vested in the stock. Hence, while for the stock without dividends (A) we have
r
A,week
= P
5
/P
0
−1
0.2 = 12/10 −1
the same is no longer true for the dividend-paying stock (stock B)
r
B,week
̸= P
5
/P
0
−1
0.32 ̸= 12/10 −1
3.4. Exercises 34
Hence, databases usually also show and adjusted price, P
a
, that can be used to
compute returns without having to know the dividends. The true return from
market closes plus dividends must equal the return with adjusted closes:
P
t
+D
t
P
t−1
−1 =
P
a
t
P
a
t−1
−1
Fix the last price P
a
5
= P
5
= 12. Compute the adjusted prices for the previous
days for both stocks.
(Check my website for an exercise with data from finance.yahoo.com)
Chapter 4
Portfolio choice for
Mean-Variance investors
1. Quadratic utility or Normal returns imply mean-variance prefer-
ences, E[U] = f(µ
p
, σ
2
p
).
2. The optimal investment opportunities are described by the mean-
variance frontier.
3. The investor’s portfolio choice problem with N > 1 risky assets
can be solved explicitly.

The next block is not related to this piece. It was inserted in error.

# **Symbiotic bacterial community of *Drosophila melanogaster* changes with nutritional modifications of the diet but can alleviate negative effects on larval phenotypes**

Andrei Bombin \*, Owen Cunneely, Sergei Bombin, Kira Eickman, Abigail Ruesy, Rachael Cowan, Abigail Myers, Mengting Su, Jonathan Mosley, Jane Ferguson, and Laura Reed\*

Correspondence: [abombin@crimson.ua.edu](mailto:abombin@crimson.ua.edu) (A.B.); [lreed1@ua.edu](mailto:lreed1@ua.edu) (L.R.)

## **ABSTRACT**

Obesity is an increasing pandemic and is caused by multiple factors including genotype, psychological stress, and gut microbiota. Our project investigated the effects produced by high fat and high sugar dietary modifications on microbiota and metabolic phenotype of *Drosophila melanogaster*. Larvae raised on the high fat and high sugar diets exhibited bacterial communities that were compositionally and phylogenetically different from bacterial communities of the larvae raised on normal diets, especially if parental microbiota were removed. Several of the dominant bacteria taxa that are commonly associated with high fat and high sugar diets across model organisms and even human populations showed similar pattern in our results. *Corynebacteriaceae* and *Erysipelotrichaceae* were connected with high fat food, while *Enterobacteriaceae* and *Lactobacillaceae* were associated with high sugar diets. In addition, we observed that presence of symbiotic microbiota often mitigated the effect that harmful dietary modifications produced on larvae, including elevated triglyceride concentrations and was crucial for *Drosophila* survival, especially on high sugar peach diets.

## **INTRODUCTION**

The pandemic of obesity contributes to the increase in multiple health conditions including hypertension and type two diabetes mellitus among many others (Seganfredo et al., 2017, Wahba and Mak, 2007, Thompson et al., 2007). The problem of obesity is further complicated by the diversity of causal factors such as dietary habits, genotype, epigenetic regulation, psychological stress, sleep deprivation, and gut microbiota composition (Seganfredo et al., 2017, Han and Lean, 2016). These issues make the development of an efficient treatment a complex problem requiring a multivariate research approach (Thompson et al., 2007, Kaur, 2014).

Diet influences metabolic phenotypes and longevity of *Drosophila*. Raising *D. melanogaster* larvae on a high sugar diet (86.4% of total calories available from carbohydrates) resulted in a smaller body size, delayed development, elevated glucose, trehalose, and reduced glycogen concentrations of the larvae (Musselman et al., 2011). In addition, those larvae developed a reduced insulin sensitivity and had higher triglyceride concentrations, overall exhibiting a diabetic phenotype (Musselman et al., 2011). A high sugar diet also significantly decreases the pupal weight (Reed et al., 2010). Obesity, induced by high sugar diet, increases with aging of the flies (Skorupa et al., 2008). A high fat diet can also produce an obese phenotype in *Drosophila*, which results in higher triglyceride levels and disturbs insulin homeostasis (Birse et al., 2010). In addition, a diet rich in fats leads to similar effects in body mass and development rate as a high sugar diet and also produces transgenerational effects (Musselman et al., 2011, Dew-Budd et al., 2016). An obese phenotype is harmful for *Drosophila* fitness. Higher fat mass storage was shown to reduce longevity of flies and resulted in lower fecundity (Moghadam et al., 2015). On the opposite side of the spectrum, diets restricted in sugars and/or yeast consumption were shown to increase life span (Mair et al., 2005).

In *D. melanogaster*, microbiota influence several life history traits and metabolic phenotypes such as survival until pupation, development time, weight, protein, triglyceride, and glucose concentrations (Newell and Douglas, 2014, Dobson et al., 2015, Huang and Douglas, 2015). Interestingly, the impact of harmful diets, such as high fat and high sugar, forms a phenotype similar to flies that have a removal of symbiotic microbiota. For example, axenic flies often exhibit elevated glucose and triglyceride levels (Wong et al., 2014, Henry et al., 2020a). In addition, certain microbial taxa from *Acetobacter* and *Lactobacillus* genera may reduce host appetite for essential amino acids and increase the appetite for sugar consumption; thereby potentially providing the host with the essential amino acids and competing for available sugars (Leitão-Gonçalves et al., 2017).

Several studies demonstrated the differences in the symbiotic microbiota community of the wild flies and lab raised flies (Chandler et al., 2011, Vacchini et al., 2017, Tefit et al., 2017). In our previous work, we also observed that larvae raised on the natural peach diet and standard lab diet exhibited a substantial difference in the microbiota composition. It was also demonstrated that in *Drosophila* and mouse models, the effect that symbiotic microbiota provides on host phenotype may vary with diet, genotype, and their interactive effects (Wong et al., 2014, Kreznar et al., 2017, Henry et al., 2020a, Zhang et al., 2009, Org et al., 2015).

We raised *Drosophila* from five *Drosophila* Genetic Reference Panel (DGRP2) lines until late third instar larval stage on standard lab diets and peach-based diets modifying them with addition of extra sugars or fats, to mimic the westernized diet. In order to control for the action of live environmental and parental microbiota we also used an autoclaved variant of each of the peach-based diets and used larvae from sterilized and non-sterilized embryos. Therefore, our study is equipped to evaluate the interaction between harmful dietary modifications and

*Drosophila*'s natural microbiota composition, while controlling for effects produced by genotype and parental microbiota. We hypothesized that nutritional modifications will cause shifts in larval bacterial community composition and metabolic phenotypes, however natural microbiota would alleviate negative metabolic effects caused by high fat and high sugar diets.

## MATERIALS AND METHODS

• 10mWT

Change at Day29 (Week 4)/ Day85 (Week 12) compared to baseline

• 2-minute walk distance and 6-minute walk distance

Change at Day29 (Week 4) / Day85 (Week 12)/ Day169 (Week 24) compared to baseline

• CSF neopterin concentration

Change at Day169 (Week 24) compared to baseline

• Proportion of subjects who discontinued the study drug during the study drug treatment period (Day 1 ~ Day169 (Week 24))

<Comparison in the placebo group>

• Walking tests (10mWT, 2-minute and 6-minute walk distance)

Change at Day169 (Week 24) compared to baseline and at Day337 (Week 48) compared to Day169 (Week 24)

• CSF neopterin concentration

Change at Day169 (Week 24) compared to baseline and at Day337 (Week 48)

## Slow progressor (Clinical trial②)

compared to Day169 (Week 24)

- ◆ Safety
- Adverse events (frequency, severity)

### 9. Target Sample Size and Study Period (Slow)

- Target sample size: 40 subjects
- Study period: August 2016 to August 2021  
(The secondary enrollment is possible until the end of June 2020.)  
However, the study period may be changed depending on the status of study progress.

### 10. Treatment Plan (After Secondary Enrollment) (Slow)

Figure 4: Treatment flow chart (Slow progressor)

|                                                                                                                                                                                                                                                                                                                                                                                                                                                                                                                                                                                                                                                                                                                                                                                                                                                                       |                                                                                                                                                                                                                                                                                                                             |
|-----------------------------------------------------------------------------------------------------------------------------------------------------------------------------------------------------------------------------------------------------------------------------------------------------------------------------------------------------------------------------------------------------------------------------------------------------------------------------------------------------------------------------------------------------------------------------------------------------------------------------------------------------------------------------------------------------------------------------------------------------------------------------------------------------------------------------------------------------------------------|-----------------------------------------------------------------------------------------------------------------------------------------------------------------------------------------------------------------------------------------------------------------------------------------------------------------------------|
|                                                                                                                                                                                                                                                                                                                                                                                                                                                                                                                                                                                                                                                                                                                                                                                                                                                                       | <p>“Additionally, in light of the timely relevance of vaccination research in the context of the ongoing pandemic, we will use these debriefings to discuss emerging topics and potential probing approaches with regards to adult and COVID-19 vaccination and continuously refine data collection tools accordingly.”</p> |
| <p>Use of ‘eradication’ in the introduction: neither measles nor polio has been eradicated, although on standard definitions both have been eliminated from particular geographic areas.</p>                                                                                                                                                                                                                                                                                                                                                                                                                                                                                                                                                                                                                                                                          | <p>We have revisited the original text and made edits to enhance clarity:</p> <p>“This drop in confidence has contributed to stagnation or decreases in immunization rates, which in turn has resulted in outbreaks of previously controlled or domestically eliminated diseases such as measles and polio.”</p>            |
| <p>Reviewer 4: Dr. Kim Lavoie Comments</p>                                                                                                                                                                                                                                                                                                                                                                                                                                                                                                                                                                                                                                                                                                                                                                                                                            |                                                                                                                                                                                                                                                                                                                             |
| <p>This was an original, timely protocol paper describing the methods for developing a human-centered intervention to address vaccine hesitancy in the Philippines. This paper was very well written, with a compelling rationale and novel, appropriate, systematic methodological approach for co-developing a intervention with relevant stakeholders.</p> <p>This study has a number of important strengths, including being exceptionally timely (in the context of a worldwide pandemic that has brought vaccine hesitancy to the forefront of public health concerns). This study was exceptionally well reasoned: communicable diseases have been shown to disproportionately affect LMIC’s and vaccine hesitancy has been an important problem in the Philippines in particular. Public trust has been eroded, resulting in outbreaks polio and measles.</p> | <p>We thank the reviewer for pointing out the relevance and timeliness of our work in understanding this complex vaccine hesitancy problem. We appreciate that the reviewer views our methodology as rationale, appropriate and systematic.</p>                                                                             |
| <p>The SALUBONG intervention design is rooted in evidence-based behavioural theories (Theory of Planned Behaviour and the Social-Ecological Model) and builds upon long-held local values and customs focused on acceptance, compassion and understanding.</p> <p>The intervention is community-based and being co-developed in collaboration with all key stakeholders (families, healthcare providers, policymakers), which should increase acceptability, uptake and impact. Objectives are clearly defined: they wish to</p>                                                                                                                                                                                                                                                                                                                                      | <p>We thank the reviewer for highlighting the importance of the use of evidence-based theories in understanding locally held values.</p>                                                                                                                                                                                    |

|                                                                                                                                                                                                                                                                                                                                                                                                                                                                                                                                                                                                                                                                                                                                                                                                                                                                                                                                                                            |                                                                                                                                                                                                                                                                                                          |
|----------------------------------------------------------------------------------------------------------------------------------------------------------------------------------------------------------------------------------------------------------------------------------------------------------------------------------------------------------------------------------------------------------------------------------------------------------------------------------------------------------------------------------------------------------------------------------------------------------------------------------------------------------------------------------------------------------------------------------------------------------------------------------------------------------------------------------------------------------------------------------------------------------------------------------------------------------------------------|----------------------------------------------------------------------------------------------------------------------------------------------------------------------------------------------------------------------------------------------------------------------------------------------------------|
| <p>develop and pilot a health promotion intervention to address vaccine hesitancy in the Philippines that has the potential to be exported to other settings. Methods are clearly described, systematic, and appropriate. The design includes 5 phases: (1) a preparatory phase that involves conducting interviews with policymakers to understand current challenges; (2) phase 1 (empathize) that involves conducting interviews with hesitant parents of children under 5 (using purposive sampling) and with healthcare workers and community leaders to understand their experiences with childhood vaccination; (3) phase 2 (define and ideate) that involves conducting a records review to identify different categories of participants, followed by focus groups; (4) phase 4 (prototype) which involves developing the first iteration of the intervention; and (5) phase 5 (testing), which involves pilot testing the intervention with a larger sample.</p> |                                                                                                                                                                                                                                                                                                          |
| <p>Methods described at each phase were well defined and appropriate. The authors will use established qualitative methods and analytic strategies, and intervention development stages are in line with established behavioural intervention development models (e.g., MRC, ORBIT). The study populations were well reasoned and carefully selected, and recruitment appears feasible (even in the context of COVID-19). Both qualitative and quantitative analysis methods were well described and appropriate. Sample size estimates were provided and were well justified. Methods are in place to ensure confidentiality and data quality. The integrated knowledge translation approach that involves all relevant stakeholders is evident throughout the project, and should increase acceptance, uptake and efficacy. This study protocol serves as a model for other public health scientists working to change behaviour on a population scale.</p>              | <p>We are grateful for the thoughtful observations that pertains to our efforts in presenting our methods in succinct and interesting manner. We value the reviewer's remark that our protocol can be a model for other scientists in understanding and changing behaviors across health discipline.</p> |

These concepts were developed by Harry Markowitz in 1952 and they are still the
benchmark for optimal portfolio allocation.
4.1 Mean-Variance preferences
The general portfolio problem (N > 1) is hard to solve unless we make one of the
simplifying assumptions below. Either one of these assumptions will lead to mean-
variance preferences, that is, to investors that care only about the first two moments of
Y
1
or r
p
.
1
Expand U(
˜
Y
1
) around E(
˜
Y
1
). To simplify the notation, let Y ≡ Y
1
.
U(Y ) = U( EY ) +U

( EY ) · (Y − EY ) + 1/2 · U
′′
( EY ) · (Y − EY )
2
+ remainder
1
Note that the two are related: E[Y
1
] = Y
0
(1 + E[r
p
]) and Var[Y
1
] = Y
2
0
Var[r
p
].
35
4.1. Mean-Variance preferences 36
Taking expectations on both sides we get
EU(Y ) = U( EY )+U

( EY )· E[(Y − EY )] +1/2· U
′′
( EY )· E[(Y − EY )
2
] + E[remainder]
or, simplifying,
EU(Y ) = U( EY ) + 1/2 · U
′′
( EY ) · Var(Y ) + E[remainder]
Note that this expression, EU(Y ), is what the investor maximizes in his portfolio prob-
lem. The question is thus “under what conditions can we say that E[remainder] = 0, or
at least that E[remainder] itself depends only on the first two moments of wealth?”
4.1.1 Quadratic utility
If the utility function is quadratic, U = aY −bY
2
, all derivatives of order higher than 2
are null, thus remainder = 0. Therefore, we have an exact expression:
EU(Y ) = U( EY ) + 1/2 · U
′′
( EY ) · Var(Y ) (4.1)
and the portfolio problem becomes quite simple to solve.
Drawbacks of quadratic utility. Quadratic utility has IARA, which is not very
reasonable. Furthermore, in practical applications we have to be careful defining the